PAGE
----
It also felt like a prequel of sorts, because we were introduced to the school and characters.  I know that’s what first books do, and even though it’s volume 1, something about it felt more like a prequel than a first volume.  It was still enjoyable, and I can’t wait to get into the story a little more. I really liked the shading and detail for the artwork. It’s something I’m also impressed with, mostly because I can’t draw if my life depended on it.  But the detail, especially in black and white is really impressive.

My Rating: 4 stars.  I really liked the story, but certain things were pretty repetitive, and that got to be frustrating. But overall, I would definitely recommend it.

MeruPuri CoverManga #2: MeruPuri, Volume 1 by Matsuri Hino

Published July 2005 by Viz Media|192 pages

Where I Got It: I borrowed it from the library

Series: MeruPuri, Volume 1

What It’s About: On the way to school one morning, Airi loses her mirror – one that had been passed down to her through generations – and suddenly finds herself in a bizarre situation. Never in her wildest dreams did she expect Aram, a little boy from a magical kingdom, to have emerged from the mirror in the short time it took her to track it down!

What I Thought: So, when I checked out MeruPuri, I didn’t realize that it was the same person who did Vampire Night!  There are things I liked about MeruPuri, but I didn’t like it nearly as much as Vampire Knight.  I thought the curse on Aram was interesting- it makes me wonder about his relationship with his brother.  Even though it is explained later on in the manga, I still can’t help but wonder about it.  And the magical mirror that leads to the world Aram is from!  I liked that part of it, but I couldn’t tell you much of anything about the characters.  Although I could tell you a little more about Aram and his brother than I could tell you about Airi.  She’s a little bit forgettable, considering it’s her mirror.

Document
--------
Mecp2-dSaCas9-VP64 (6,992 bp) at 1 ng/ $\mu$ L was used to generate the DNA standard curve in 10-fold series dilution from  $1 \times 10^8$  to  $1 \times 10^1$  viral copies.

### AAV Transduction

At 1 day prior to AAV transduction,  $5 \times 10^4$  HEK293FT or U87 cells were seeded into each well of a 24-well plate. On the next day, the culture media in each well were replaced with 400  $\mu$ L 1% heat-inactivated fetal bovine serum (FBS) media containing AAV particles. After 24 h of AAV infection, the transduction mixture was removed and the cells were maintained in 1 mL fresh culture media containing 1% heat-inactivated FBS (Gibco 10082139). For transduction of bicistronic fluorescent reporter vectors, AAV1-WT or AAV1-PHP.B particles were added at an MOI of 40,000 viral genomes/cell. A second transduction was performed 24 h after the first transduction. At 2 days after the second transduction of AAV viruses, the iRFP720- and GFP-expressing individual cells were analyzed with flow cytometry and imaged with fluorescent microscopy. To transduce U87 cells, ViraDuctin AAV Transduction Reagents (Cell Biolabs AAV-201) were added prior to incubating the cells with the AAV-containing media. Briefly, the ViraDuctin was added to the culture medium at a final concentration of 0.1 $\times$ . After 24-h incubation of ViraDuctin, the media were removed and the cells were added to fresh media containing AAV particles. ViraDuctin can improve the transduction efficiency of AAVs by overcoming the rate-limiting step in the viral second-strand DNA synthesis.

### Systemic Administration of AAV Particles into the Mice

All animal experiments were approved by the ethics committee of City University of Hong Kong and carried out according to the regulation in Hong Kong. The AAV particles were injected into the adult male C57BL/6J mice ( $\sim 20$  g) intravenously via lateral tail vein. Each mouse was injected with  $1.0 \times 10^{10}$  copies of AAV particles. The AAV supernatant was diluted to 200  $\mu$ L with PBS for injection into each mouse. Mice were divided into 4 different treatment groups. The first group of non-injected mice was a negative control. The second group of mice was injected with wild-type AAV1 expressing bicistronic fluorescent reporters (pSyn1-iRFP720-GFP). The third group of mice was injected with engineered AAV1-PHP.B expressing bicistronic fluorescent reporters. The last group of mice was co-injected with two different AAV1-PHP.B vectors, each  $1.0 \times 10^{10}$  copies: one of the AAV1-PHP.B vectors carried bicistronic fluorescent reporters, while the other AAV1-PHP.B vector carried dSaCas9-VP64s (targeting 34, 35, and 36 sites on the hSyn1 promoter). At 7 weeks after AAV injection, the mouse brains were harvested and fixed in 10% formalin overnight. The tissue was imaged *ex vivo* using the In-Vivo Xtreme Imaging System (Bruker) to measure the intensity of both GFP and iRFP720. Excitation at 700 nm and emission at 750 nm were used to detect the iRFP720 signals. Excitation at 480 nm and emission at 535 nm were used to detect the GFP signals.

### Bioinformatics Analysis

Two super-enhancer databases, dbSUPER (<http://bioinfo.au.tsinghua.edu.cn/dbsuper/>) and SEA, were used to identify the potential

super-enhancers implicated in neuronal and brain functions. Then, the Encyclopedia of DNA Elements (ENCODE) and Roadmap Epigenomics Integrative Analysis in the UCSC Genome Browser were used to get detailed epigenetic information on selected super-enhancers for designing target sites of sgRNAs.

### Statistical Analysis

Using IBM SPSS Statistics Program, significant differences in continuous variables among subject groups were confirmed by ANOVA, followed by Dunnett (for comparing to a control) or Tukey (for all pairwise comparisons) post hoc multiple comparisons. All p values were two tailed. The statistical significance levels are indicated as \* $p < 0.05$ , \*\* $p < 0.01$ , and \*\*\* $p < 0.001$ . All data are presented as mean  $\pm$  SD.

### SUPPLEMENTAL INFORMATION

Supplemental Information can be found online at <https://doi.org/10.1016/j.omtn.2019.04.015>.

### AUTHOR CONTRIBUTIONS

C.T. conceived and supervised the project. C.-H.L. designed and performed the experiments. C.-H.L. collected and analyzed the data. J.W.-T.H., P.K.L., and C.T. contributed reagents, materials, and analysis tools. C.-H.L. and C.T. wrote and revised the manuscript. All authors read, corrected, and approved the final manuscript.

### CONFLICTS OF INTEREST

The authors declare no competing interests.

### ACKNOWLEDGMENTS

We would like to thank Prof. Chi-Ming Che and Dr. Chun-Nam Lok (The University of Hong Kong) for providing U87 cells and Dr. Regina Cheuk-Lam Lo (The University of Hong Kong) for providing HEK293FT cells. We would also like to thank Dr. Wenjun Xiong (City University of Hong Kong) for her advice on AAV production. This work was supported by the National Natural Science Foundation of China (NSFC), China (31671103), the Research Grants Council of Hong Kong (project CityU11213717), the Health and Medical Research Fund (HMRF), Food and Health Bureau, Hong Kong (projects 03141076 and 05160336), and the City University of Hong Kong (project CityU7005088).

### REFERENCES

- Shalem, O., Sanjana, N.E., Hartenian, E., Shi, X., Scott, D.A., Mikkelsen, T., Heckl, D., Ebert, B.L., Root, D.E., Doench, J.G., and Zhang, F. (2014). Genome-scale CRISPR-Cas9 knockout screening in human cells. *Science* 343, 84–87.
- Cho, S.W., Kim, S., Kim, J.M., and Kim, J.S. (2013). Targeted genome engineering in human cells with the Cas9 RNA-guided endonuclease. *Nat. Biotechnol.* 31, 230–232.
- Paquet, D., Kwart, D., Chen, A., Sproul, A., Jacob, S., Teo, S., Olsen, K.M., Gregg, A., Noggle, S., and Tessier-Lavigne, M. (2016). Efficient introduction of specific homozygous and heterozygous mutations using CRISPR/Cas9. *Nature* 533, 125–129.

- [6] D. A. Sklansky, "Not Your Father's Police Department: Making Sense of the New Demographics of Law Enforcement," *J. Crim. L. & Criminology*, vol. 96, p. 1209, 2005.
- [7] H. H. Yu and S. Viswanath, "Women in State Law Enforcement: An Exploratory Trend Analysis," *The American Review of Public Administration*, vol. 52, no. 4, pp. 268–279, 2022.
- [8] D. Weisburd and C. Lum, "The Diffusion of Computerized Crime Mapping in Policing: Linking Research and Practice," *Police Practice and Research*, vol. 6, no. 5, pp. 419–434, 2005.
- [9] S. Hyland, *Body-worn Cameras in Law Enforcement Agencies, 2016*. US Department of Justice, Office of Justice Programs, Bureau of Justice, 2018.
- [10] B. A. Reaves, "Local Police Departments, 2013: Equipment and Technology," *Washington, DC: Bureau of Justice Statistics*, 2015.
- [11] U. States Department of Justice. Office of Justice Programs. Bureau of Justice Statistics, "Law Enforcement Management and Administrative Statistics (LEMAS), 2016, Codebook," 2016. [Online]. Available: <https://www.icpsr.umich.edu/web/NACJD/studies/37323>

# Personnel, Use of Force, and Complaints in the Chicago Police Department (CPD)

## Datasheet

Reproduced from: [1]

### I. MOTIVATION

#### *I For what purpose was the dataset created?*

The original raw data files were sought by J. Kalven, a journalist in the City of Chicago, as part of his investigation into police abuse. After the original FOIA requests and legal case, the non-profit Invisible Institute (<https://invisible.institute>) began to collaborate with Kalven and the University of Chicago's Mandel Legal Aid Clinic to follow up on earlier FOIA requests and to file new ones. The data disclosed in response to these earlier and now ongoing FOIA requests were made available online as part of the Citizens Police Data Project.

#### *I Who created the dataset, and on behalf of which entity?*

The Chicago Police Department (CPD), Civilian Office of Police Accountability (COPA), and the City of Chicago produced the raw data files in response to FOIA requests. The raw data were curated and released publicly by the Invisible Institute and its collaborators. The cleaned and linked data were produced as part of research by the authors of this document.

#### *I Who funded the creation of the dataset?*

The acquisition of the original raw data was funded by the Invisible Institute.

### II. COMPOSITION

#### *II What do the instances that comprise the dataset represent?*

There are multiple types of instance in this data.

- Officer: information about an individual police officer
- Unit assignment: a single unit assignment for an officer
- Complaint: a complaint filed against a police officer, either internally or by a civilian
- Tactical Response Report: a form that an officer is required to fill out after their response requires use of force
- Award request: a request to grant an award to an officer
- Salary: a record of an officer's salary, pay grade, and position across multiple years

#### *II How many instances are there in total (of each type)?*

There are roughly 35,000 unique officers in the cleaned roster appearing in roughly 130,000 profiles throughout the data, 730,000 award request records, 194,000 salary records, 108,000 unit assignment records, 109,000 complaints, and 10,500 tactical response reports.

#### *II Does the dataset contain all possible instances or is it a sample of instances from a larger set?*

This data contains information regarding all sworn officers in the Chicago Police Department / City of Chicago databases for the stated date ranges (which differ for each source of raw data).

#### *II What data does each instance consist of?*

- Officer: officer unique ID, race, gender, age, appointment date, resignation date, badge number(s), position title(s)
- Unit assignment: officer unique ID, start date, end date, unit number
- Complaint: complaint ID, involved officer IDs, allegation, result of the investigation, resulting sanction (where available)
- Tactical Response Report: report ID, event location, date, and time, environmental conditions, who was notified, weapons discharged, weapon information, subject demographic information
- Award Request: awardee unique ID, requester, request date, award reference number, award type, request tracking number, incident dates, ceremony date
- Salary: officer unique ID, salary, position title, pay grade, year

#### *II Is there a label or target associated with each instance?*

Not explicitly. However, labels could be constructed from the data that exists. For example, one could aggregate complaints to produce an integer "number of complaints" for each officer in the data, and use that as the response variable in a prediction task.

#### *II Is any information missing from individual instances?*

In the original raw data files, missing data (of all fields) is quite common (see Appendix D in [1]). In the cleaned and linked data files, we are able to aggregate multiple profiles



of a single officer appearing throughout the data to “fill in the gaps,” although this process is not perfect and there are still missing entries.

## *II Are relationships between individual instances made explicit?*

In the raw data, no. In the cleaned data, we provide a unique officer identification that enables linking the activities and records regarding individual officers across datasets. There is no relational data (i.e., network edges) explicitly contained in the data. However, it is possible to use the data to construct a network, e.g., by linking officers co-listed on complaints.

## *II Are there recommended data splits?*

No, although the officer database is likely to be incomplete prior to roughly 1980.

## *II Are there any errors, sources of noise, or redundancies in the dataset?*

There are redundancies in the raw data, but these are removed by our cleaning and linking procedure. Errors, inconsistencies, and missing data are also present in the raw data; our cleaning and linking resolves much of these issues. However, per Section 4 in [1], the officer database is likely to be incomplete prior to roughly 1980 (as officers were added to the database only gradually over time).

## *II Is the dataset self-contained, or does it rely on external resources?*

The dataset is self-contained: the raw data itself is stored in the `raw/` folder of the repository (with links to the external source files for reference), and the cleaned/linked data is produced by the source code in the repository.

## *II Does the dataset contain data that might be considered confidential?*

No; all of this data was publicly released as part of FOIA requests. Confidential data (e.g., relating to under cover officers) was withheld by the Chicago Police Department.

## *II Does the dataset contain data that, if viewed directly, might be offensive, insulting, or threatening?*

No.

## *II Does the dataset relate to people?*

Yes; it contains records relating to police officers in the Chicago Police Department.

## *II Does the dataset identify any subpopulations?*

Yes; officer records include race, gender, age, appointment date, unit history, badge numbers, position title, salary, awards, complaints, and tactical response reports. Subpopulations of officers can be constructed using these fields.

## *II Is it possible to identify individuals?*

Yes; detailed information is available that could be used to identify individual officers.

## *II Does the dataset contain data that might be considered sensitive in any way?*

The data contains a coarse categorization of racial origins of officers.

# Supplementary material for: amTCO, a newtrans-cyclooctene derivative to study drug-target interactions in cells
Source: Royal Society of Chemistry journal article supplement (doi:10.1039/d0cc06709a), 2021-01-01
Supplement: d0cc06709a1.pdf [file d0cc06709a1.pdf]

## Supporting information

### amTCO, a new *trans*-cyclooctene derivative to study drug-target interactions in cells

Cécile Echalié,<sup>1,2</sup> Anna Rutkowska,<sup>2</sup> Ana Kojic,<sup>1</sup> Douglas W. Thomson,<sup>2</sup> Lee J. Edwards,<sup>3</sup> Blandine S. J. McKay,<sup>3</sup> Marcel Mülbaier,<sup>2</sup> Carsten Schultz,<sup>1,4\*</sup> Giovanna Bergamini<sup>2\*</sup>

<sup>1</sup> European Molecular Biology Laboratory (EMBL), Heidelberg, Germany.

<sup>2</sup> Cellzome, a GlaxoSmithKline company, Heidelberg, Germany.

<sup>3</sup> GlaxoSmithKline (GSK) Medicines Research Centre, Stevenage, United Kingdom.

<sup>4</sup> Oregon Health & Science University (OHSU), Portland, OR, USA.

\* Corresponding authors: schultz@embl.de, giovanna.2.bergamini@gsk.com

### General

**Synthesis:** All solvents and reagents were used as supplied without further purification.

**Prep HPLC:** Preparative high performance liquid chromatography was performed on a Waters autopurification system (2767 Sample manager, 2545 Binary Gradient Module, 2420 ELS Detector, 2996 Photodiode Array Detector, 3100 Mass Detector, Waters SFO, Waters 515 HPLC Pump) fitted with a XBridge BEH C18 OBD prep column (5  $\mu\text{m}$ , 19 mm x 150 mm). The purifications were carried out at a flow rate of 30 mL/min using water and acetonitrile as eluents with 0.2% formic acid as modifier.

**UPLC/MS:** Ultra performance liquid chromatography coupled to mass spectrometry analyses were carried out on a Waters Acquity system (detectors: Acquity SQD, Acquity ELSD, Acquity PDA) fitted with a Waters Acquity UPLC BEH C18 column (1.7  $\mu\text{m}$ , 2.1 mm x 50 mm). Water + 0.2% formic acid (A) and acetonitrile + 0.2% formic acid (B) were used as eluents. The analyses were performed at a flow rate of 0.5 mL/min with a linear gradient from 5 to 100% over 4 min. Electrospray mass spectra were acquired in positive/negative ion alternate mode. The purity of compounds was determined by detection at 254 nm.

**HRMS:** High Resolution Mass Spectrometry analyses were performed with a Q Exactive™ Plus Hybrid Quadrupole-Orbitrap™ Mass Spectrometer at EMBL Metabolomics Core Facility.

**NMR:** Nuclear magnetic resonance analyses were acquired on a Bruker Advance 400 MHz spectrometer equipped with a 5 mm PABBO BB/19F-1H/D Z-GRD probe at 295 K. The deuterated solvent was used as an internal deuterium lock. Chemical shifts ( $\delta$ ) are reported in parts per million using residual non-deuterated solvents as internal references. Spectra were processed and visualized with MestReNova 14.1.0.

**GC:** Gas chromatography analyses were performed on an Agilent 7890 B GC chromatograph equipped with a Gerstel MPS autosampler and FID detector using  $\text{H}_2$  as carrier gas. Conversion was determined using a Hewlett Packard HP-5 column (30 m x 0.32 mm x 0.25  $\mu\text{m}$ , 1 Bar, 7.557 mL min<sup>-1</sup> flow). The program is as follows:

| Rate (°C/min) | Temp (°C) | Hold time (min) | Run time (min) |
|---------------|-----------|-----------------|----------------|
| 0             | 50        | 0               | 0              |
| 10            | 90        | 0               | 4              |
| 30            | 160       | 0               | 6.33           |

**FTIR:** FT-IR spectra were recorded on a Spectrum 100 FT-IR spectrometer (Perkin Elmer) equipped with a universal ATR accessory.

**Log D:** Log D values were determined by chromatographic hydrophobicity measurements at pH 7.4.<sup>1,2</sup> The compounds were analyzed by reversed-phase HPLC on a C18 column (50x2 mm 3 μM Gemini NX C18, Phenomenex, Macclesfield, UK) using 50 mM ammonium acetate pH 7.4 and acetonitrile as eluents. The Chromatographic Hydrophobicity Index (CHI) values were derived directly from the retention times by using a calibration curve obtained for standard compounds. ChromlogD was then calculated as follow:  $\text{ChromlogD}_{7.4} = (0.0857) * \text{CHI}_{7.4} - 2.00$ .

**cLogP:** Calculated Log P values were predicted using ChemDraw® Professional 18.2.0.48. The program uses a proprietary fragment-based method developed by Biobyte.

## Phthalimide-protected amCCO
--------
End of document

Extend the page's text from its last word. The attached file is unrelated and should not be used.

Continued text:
The artwork is pretty awesome, which isn’t surprising, considering how much I liked it in Vampire Knight.  I just didn’t find the story as interesting or compelling as Vampire Knight, but I may pick up the other volumes sometime in the future.

My Rating: 2 stars.  There were some things I liked about MeruPuri (like the artwork, and a couple of the elements of the story) but it didn’t capture my attention the way I thought it would.

Book Review Roundup: Kitchen Princess, Pita Ten and Skip Beat

Book Review Round-Up is something I do very sporadically, when I want to review several books in one post. I’m on a manga kick right now, and thought it would be easier (and fun!) to review several of them in one post since they go super-fast!

Kitchen Princess CoverManga #1: Kitchen Princess, Volume 1 by Natsumi Ando (illustrator) and Miyuki Kobayashi (story)

Published January 2007 by Del Rey|187 pages

Where I Got It: I borrowed it from the library

Series: Kitchen Princess, Volume 1

What It’s About: Najika is a great cook and likes to make meals for the people she loves. But something is missing from her life. When she was a child, she met a boy who touched her heart–and now Najika is determined to find him. The only clue she has is a silver spoon that leads her to the prestigious Seika Academy.

Attending Seika will be a challenge. Every kid at the school has a special talent, and the girls in Najika’s class think she doesn’t deserve to be there. But Sora and Daichi, two popular brothers who barely speak to each other, recognize Najika’s cooking for what it is–magical. Is either boy Najika’s mysterious prince?

What I Thought: Kitchen Princess is such a cute story!  I love Najika, and her love of cooking and making food that people enjoy!  I loved seeing her go to Seika Academy, where she feels like she doesn’t belong- and she certainly doesn’t see her cooking as magical or as a special skill.  Both are things I think we can all relate to at some point in our lives.